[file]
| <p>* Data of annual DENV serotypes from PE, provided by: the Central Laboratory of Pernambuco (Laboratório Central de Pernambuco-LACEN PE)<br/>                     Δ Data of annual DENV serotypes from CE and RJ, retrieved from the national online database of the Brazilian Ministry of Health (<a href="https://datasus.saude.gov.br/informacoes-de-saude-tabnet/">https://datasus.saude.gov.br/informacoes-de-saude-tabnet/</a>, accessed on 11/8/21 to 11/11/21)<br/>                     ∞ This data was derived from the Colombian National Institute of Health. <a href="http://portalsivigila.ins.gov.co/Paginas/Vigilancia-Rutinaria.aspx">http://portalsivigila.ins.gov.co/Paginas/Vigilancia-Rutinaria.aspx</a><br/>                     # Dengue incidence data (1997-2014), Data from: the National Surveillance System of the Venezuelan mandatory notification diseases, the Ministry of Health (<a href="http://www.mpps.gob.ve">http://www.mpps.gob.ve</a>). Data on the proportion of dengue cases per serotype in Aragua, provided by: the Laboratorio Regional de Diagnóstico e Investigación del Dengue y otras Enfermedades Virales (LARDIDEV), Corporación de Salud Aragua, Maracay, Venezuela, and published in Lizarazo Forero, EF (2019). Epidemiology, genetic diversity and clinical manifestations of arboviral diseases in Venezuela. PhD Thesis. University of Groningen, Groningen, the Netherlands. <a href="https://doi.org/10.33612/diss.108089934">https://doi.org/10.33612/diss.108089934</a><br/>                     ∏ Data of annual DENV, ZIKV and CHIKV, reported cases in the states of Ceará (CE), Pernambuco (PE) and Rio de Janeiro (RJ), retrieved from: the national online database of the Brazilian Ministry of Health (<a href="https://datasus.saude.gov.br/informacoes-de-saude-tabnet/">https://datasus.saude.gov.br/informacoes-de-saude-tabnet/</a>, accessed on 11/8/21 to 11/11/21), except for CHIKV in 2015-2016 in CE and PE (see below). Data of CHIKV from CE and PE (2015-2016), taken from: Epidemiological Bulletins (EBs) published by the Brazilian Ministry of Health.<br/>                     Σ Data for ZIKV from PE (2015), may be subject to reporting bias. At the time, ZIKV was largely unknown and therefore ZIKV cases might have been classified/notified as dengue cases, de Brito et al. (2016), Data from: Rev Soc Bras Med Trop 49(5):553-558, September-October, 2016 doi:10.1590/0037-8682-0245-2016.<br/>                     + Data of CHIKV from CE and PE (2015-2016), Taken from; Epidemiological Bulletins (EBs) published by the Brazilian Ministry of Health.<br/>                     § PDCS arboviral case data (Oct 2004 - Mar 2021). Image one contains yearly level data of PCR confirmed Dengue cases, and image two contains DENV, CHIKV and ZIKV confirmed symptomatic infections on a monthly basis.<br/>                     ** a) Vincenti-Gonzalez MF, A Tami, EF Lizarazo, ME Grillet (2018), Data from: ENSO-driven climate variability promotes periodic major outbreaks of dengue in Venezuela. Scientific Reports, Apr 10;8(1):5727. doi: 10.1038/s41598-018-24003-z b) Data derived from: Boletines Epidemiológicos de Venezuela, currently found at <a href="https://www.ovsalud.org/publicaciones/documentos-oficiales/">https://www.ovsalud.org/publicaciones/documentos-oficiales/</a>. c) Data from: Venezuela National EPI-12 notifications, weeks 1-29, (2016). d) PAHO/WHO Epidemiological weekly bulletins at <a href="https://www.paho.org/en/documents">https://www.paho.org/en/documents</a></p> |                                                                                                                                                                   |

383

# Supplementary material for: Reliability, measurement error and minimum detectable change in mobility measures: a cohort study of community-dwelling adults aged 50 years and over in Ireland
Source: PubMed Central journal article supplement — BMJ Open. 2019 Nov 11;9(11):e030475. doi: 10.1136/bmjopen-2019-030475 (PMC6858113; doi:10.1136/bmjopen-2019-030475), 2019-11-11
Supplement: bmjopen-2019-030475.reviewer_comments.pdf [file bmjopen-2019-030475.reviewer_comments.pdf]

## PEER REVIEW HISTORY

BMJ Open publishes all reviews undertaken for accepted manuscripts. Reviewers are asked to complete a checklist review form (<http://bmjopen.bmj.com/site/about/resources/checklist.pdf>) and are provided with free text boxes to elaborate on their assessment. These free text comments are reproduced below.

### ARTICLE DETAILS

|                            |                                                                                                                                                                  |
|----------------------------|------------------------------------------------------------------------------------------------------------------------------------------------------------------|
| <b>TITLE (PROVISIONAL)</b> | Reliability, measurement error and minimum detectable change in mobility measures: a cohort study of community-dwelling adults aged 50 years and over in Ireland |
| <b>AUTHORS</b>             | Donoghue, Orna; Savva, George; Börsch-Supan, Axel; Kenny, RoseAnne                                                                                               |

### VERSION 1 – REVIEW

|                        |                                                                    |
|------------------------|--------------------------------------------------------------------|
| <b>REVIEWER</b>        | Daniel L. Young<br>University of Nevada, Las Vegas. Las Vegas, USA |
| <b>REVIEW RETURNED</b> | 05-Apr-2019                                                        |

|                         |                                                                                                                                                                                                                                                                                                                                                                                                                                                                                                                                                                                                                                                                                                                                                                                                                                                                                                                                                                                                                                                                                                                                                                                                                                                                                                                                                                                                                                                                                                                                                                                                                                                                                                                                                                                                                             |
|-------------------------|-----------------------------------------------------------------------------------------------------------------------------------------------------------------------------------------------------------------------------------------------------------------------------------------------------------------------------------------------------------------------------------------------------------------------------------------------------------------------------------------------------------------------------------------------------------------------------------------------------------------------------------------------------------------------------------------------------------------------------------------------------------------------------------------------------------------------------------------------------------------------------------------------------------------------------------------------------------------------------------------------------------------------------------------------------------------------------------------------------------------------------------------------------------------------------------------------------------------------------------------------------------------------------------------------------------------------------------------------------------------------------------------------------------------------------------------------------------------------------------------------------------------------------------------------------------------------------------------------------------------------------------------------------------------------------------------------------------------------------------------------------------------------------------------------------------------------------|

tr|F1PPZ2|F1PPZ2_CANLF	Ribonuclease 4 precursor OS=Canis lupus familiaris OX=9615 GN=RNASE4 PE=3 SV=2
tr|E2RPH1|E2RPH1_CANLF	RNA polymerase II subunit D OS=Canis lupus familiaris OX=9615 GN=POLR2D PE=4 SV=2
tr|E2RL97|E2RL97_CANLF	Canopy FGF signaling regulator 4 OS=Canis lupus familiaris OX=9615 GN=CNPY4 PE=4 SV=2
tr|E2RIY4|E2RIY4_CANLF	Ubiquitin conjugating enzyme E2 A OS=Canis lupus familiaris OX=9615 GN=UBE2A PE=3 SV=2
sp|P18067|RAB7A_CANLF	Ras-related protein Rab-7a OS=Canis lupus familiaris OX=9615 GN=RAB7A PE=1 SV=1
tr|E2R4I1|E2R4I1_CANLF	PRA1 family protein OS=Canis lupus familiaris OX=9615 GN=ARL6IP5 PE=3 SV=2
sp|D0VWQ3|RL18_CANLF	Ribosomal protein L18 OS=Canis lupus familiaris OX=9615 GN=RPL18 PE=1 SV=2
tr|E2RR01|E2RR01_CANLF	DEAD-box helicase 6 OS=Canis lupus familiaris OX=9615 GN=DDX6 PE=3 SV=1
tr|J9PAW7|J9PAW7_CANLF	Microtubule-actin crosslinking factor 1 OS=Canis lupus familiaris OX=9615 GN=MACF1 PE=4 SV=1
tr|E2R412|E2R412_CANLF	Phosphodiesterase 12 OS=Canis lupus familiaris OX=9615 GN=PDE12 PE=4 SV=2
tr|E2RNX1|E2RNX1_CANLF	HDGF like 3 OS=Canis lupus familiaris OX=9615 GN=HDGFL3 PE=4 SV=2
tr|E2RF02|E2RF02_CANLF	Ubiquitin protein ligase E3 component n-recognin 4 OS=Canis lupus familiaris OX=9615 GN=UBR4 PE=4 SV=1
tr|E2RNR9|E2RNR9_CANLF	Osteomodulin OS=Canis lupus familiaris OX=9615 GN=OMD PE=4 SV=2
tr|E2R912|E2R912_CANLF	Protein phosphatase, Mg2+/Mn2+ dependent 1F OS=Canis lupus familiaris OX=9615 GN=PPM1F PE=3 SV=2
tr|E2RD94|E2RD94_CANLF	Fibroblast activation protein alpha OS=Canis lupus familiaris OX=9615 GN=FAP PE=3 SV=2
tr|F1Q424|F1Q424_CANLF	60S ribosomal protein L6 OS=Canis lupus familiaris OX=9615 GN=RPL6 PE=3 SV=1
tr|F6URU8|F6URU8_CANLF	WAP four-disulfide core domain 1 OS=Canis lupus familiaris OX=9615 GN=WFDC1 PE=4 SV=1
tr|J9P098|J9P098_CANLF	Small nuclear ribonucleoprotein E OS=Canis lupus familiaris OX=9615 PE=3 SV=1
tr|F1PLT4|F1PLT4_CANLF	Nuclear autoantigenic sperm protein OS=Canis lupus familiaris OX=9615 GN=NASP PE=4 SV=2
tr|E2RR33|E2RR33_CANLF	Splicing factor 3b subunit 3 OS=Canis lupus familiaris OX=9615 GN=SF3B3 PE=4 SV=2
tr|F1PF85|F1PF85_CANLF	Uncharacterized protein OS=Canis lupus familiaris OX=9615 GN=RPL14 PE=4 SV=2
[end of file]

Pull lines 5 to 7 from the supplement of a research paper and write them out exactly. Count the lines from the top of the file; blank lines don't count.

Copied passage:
Supplement: bmjopen-2019-030475.reviewer_comments.pdf [file bmjopen-2019-030475.reviewer_comments.pdf]

## PEER REVIEW HISTORY

BMJ Open publishes all reviews undertaken for accepted manuscripts. Reviewers are asked to complete a checklist review form (<http://bmjopen.bmj.com/site/about/resources/checklist.pdf>) and are provided with free text boxes to elaborate on their assessment. These free text comments are reproduced below.